13 Juni 2008

Photos by West Kalimantan children bring reconciliation

Photos by West Kalimantan children bring reconciliation

The Jakarta Post , Jakarta | Sat, 01/26/2008 2:45 AM | Life

By Erma S. Ranik

PONTIANAK, West Kalimantan (JP): Sixteen-year-old Agus' eyes gleamed whenhe saw the photograph before him. ""That is the rice field near my house,"" he said. His eyes were glued to the photographs taken by Desy Anggraini, 16, who hails from Sinam village in Pemangkat subdistrict, Sambas regency.

Agus is one of thousands of children who fled their homes with their parents following the riot that rocked Sambas in March 1999. He has lived in a haj dormitory in Pontianak for over a year now. It is not possible forhim to return to Sinam because the residents of the Malay ethnic group, whooccupy most of Sambas, still object to the return of the Madurese residents.

Agus was able to gratify his longing for his home village when he saw thephotographs on display at an exhibition of children photography at the State Museum in Pontianak from Nov. 20 to Nov. 22. Agus was able to name the spots and places captured in the photographs on display.

Agus' comment was just one of many reactions to the photographs during a workshop on photography held for the children of West Kalimantan. This exhibition was the fruit of a collaboration between Child's Eye, a network of non-governmental organizations in West Kalimantan and the Forum of Volunteers from West Kalimantan, with support from the British Council.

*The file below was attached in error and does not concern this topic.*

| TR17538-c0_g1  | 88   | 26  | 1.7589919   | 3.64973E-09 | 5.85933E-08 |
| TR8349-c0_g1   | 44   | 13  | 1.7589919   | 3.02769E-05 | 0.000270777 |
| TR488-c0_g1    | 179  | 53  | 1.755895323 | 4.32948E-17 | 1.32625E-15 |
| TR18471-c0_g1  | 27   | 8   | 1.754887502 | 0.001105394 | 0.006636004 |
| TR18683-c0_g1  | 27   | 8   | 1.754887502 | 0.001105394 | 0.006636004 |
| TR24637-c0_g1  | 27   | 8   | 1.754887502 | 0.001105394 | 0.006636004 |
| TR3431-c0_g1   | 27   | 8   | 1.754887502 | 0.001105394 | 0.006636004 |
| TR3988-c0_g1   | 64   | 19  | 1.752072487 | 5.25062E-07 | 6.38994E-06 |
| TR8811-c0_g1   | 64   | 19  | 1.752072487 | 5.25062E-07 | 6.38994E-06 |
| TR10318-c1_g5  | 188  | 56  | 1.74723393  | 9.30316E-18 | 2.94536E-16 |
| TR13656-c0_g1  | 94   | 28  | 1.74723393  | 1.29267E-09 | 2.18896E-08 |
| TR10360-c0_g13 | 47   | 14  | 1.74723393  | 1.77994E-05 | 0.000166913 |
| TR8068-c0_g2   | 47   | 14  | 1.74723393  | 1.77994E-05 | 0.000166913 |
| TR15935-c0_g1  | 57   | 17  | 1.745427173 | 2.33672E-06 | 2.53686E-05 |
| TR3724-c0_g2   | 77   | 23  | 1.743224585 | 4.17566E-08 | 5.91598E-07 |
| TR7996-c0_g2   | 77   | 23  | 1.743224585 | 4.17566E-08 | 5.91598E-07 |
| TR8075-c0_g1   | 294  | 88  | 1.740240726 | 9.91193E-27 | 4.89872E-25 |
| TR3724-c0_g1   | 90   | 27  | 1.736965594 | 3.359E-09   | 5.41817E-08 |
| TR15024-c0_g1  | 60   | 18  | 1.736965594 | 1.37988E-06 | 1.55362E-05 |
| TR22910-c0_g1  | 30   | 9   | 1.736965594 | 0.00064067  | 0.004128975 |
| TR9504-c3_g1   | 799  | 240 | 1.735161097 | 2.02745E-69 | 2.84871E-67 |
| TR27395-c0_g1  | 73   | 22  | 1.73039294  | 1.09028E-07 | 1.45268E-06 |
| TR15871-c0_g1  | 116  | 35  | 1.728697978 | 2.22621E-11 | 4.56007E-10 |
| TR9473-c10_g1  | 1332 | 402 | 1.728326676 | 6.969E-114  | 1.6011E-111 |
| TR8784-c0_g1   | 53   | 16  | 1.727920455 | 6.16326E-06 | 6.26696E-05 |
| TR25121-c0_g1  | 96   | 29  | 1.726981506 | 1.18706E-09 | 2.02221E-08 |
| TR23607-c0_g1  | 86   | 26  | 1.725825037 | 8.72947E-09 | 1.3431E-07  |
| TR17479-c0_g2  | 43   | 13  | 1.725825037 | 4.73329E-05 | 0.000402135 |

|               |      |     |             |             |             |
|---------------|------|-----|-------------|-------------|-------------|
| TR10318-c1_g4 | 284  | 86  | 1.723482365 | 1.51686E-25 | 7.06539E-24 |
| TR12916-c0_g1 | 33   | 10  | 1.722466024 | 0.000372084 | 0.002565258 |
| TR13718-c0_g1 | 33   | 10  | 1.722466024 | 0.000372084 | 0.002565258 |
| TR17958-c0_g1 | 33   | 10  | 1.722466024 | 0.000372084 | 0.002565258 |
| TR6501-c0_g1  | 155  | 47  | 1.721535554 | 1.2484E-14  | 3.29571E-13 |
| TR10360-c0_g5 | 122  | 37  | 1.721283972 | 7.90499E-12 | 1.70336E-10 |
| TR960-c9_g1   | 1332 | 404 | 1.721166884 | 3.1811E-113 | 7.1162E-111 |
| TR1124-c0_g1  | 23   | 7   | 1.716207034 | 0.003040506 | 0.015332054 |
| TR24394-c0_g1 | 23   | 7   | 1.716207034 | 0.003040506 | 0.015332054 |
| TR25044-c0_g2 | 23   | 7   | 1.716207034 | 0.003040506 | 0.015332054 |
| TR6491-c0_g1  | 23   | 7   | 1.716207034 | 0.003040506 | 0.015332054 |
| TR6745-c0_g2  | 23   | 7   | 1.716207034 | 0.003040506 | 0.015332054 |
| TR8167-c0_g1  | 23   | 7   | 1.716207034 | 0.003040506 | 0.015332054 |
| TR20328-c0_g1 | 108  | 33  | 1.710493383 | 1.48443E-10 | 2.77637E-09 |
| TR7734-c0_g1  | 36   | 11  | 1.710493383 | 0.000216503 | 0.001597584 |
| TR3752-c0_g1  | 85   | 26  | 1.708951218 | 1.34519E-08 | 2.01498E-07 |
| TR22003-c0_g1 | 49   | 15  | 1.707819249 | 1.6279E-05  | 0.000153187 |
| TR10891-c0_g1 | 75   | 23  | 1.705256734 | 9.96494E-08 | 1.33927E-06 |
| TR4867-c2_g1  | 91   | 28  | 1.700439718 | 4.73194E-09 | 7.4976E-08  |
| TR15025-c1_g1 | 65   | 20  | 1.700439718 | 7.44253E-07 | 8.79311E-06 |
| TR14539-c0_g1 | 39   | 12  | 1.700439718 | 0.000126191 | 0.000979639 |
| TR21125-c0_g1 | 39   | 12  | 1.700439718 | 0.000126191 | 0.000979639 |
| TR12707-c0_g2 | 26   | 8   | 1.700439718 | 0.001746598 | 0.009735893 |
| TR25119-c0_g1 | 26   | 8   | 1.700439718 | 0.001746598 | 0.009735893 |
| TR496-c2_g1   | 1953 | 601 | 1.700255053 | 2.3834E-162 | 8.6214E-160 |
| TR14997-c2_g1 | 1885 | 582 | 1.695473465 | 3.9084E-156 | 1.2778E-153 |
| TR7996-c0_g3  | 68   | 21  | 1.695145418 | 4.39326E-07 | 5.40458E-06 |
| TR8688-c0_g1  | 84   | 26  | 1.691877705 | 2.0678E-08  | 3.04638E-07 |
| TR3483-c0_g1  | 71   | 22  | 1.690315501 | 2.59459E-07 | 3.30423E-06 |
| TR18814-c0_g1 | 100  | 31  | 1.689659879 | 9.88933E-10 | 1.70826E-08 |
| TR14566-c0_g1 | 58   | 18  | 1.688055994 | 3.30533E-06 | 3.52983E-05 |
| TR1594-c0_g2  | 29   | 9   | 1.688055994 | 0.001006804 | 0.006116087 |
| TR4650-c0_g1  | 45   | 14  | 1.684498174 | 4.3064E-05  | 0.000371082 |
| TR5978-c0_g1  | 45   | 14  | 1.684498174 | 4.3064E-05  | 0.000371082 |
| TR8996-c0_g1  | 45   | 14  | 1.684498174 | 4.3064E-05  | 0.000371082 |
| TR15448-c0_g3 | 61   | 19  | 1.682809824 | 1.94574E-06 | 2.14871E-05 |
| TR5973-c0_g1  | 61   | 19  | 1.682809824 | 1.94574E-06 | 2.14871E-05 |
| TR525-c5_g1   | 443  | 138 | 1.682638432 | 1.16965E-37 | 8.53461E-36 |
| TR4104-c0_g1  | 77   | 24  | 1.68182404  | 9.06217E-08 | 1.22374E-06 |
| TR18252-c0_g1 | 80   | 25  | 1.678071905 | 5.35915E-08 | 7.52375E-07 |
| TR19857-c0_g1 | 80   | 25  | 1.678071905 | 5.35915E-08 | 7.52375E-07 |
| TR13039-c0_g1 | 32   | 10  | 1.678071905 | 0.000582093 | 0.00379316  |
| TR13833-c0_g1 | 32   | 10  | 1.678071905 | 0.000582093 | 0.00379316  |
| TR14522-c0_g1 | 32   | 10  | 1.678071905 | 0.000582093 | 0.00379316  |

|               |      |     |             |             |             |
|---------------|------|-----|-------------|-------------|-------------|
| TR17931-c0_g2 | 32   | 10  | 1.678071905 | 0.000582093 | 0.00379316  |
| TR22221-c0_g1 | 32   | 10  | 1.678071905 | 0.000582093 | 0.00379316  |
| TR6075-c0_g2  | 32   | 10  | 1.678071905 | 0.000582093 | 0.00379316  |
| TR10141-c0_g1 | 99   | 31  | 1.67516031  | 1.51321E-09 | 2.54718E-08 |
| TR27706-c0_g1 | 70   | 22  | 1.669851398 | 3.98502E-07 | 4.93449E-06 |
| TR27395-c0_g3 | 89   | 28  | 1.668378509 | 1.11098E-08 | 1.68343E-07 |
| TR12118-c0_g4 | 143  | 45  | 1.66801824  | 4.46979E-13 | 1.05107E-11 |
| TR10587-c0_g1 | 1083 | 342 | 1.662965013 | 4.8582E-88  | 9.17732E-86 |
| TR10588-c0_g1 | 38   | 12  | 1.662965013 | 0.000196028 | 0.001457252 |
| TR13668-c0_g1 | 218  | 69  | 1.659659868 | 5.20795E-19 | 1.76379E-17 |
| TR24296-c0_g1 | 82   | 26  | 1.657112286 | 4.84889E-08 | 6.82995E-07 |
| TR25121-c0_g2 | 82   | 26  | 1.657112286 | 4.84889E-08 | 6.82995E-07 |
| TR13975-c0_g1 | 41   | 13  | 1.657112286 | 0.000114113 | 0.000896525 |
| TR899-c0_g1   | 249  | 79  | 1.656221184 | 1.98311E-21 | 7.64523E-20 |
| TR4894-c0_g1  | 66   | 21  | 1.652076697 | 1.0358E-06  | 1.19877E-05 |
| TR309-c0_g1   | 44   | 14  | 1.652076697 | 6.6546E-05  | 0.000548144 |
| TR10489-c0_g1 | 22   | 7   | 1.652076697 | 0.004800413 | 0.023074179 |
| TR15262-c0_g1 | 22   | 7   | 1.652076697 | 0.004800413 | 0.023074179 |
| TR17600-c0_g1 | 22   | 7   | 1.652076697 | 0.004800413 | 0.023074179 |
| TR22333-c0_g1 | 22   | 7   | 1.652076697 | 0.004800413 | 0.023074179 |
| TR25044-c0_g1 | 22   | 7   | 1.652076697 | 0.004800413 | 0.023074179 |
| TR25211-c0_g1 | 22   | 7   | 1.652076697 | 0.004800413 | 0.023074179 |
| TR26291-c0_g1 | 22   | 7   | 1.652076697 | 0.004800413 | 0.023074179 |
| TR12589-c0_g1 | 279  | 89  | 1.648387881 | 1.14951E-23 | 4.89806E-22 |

Sixty children of Malay, Dayak, Madurese and Chinese ethnic/racial backgrounds took part in the exhibition. Most of them were from socially marginalized classes in Pontianak, Nyarumkop and Pemangkat: the children ofbus conductor assistants, fishermen and basketmakers, school dropouts and children from refugee camps.

Jonathan Perugia of Child's Eye said the most important part of the program was helping the children of West Kalimantan explain what took placein their daily lives through photography.

""Many people may know nothing about what the daily life of a child is like,"" he said.

And sadly, many children lead desperate lives. They receive no education,are subject and witness to horrible violence or are compelled to work to survive.

With just a pocket camera the children were given ample opportunity to make use of photography as an instrument with which they could talk about their daily lives.

""You feel something different when you look at photographs taken by children and those taken by professional photographers,"" said Perugia, an Associated Press free-lance photographer.

Professional photographers may come up with artistically fine photographs, but they may not have a strong feeling for what they capture with their cameras. ""They are obviously different from the children in their own environment.""

This explains why the children taking part in the program were able to capture their daily activities in their entirety.

Jemi, 15, a Malay, fishes for a living. So he has chosen as his subject the lives of fishermen's children in Pemangkat, capturing their activities from collecting fish to bathing in the river.